<img src="//bat.bing.com/action/0?ti=5599429&amp;Ver=2" height="0" width="0" style="display:none; visibility: hidden;">
Schedule Consultation
Blog Feature
Lisa Rosenthal

By: Lisa Rosenthal on February 1st, 2013

Print/Save as PDF

Infertility Awareness, Heart Disease and Go Red for Women

Holidays | Infertility Awareness | Health

A Fertility Story: Heart Disease History and Going Red for Women


I'm wearing red today, allied with Go Red for Women. It's a color that I look fairly dreadful in.


I'm wearing it anyway.


It's not Valentine's Day. I'm not dressed up for Halloween, (although you could be forgiven for thinking so).


I'm wearing red today because it's a day to bring awareness to heart disease for women. A day to bring awareness to fighting heart disease in women.


It's a subject that's near and dear to my heart. As close as infertility is and that's saying a lot.


Infertility was an unexpected grief and loss. One that I shouldn't have expected, at 26 years old. Most of us don't expect infertility at 26. Or 30. Or 35. Or even 40. Some of us don't know when to expect infertility. 


I know at 26, I didn't expect it. It was a most unwelcome surprise. 

Heart Disease Awareness

Heart disease, on the other hand, I was raised to expect. My uncle was one of the first people in the United States to have a quadruple bypass. He was in his early 40's. My paternal grandmother died of a massive heart attack in her late 40's. 


I grew up with an understanding of heart disease. It's part of my family history in a way that infertility was most certainly not. My mother had three children in less than five years, starting when she was 23. No infertility there.


Heart disease was present in my home; awareness grew there as I got older. When I grew up, margarine was considered a wonderful substitution for butter and was eagerly embraced as heart healthy. These days we know about trans fatty acids and most of us eschew margarine in favor of other much heart-healthier choices.


We ate a lot of salads, fruits and chicken in my family and not a lot of red meat. It was a very conscious decision on my mother's part, not to add to the genetic load already weighted against my father's favor. I envied how my friends and their families ate, when I was a guest in their homes. 


These days, I eat the way my mother brought me up and don't envy anyone their food choices. 


These days, infertility and heart disease are both part of my family history. Heart disease is part of my history, my genetic code. I eat in a healthy way, I exercise regularly, and I try and sleep enough. These are the pieces that I can address. I can't change my DNA but I can do everything possible to avoid adding to the possibility of heart disease in myself.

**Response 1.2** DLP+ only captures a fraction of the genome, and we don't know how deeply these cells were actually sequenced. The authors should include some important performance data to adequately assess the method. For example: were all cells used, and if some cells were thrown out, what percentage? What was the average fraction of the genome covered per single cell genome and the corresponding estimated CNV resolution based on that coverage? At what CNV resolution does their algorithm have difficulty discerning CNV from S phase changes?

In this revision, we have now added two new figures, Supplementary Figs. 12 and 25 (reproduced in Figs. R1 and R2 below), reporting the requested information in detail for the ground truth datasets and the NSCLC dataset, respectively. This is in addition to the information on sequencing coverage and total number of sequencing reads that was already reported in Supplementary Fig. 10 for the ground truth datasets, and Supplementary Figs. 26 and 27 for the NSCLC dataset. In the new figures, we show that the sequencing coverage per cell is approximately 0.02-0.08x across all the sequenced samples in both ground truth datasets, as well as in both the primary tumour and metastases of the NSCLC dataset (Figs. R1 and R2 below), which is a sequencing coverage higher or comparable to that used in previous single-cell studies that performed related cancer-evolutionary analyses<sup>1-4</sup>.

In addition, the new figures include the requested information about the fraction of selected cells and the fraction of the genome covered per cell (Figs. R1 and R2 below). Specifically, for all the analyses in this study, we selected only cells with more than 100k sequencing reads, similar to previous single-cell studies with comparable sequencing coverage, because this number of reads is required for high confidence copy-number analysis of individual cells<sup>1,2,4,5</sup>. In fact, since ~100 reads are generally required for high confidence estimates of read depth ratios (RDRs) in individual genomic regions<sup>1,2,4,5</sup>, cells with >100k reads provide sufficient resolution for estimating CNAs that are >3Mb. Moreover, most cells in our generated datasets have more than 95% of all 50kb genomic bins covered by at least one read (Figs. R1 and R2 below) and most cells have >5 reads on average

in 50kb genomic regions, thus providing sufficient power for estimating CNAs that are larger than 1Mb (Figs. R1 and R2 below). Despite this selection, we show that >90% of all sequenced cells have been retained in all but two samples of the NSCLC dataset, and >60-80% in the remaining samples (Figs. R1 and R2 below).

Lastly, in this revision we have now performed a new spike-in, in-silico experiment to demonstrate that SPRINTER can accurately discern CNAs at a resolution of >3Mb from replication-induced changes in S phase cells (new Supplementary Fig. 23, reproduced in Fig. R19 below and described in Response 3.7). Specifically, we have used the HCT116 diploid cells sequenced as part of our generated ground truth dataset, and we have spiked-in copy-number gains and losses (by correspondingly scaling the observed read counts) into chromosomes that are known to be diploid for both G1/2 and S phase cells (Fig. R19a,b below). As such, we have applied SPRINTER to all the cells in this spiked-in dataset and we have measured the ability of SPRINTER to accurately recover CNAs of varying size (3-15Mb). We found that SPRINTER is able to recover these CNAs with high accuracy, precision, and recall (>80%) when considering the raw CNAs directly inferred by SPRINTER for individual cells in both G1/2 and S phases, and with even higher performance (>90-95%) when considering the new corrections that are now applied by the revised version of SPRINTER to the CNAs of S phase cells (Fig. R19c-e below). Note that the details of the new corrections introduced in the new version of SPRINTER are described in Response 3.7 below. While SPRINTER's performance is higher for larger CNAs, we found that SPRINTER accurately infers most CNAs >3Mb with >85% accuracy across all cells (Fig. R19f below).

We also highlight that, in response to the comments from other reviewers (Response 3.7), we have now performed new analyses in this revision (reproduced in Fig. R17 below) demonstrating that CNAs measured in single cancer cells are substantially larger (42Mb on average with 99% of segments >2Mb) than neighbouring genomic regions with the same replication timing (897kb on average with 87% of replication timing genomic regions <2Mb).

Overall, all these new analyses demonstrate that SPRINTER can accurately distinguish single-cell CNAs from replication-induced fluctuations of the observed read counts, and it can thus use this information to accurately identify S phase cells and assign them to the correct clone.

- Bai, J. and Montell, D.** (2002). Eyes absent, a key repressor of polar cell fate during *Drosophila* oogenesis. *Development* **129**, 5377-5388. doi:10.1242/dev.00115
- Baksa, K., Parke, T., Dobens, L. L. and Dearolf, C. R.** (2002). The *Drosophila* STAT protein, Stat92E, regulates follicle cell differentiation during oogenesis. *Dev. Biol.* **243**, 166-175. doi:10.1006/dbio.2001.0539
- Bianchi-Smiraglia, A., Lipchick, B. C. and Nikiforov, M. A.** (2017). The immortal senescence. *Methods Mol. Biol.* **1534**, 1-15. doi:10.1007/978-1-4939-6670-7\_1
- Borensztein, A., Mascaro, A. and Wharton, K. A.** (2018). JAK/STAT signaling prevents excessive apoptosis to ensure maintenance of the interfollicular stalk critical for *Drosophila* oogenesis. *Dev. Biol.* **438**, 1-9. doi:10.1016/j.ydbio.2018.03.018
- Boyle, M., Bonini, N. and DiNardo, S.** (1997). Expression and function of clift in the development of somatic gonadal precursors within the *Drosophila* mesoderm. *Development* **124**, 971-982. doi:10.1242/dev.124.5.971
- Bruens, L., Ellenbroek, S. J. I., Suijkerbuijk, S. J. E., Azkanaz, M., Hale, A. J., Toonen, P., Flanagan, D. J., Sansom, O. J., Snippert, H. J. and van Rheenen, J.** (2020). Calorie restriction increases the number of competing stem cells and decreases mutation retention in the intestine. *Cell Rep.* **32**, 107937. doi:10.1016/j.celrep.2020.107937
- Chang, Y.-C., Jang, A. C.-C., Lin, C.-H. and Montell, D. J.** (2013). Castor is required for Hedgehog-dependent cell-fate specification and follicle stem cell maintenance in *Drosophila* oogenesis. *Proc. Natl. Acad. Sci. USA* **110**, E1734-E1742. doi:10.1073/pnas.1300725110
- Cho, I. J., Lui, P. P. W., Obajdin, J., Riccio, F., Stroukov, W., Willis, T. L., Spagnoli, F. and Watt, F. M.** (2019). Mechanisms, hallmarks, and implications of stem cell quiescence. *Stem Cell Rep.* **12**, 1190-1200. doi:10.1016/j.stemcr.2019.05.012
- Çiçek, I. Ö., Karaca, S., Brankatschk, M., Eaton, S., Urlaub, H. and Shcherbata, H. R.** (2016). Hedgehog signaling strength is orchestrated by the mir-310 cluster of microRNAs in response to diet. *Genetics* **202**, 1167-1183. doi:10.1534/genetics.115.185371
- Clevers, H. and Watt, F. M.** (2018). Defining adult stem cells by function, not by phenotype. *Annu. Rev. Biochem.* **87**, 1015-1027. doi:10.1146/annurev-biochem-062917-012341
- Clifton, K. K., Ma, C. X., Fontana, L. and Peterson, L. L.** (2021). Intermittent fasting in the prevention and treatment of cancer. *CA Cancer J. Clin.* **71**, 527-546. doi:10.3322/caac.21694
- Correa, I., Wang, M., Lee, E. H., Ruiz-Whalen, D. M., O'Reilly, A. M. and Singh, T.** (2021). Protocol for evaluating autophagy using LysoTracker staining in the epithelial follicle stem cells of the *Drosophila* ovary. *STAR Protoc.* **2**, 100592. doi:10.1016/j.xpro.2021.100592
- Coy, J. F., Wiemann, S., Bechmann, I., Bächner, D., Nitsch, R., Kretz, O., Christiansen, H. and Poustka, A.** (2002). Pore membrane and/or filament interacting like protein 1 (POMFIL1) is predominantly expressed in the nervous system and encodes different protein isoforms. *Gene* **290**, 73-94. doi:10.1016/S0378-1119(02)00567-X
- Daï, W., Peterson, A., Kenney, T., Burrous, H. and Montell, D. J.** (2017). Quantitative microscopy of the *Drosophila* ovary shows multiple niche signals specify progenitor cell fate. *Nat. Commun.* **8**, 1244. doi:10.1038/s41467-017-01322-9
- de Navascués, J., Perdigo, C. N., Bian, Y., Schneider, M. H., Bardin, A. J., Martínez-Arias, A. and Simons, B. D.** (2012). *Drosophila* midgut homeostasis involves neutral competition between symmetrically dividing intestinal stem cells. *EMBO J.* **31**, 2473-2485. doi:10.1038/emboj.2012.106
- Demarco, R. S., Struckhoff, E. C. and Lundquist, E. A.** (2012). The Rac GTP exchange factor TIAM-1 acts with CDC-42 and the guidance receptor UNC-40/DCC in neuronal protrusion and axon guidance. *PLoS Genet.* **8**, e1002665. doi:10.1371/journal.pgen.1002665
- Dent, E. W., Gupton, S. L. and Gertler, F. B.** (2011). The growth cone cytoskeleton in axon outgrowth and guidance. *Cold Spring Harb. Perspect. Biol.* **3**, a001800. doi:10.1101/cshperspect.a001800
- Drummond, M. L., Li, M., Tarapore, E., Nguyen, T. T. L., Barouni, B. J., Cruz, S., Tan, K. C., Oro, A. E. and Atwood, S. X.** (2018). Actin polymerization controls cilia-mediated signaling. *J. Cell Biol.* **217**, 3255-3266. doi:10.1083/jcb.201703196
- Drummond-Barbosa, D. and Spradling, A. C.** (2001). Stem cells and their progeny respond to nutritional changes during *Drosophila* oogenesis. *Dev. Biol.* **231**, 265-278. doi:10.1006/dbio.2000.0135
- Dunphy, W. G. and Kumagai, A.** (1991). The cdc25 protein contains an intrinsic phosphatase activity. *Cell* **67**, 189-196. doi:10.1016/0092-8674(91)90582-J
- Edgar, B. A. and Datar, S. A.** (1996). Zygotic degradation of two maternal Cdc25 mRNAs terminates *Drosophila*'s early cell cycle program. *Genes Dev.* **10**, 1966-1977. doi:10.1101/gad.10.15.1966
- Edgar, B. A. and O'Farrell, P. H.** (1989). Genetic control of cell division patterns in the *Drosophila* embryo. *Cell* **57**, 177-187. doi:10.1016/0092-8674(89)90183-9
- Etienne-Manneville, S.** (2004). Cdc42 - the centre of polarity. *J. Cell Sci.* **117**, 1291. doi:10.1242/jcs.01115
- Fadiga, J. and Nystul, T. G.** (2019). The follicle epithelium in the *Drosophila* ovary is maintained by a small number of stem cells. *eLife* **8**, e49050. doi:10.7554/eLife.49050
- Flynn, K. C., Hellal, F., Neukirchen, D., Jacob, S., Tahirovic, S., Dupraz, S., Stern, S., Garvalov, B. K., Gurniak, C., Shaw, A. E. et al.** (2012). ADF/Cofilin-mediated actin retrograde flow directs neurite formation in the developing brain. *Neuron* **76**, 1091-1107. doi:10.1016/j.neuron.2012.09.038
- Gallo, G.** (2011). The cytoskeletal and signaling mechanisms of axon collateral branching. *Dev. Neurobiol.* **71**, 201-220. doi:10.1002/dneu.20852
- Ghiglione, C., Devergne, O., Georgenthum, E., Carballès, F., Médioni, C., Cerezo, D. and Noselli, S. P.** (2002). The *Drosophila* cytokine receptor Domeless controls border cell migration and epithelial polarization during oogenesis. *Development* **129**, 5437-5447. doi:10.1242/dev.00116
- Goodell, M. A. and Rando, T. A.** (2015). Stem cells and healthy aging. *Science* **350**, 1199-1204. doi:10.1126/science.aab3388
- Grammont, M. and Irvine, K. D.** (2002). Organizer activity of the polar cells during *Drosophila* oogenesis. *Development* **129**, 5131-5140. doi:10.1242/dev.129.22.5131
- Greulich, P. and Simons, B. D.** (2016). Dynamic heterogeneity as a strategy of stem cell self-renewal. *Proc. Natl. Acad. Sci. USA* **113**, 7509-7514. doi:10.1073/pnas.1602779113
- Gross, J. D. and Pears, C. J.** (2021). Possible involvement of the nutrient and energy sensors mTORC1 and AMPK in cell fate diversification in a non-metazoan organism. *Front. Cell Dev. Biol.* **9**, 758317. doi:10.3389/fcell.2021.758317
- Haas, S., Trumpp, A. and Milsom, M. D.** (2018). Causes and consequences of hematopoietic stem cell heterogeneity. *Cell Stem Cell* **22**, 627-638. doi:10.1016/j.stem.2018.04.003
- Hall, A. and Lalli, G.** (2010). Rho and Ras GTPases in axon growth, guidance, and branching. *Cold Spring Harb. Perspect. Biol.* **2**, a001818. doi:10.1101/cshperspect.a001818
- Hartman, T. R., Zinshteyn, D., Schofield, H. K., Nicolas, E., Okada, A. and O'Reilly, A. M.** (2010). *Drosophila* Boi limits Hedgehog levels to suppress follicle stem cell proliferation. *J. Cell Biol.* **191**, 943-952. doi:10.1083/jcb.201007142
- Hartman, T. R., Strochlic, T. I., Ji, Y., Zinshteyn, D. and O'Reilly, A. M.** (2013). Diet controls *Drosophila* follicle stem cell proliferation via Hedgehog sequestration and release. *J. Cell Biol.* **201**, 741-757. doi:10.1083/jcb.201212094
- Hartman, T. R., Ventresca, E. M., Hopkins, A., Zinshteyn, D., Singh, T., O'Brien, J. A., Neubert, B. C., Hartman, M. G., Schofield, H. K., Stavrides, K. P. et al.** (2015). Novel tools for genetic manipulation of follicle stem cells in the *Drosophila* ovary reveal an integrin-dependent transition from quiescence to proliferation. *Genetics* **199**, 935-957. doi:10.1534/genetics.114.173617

Infertility is also part of my personal history. When I give my medical history these days, it's a significant piece; the medications that I used, the surgeries I underwent, the pregnancy losses that I experienced. 

National Wear Red Day and Heart Disease Prevention

Today, I will wear red, for heart disease. I will do more than participate in National Wear Red Day, though; I will eat the way my mother taught me. I will celebrate my food by eating the colors of the rainbow. I will exercise my heart, through aerobic exercise, even when I don't feel like it. I will decrease my stress through my practice of yoga, every morning, rain or shine, tired or not. I will protect myself from heart disease, in all the ways that are possible.


I don't know what I could have done differently about preventing my own infertility. I do know that my continuing to be involved in fertility awareness is my calling. Helping anyone avoid infertility or helping make their path to creating their families shorter and less painful is where my passion lives. 


I grew up expecting and actively avoiding heart disease. 


I didn't know that infertility would find its way in and stay so long. I didn't know that.


And now it's my most significant health history.


Today I wear red to honor my family history. My grandmother, my uncle, my cousins and my father, who died too young. Of a heart attack.


My first family history. Before infertility found its way home. 



About Lisa Rosenthal

Lisa has over thirty years of experience in the fertility field. After her personal infertility journey, she felt dissatisfied with the lack of comprehensive services available to support her. She was determined to help others undergoing fertility treatment. Lisa has been with RMACT for eleven years and serves as Patient Advocate and the Strategic Content Lead.

Lisa is the teacher and founder of Fertile Yoga, a program designed to support men and women on their quest for their families through gentle movement and meditation.

Lisa’s true passion is supporting patients getting into treatment, being able to stay in treatment and staying whole and complete throughout the process. Lisa is also a Certified Grief Recovery Specialist, which is helpful in her work with fertility patients.

Her experience also includes working with RESOLVE: The National Infertility Association and The American Fertility Association (now Path2Parenthood), where she was Educational Coordinator, Conference Director and Assistant Executive Director.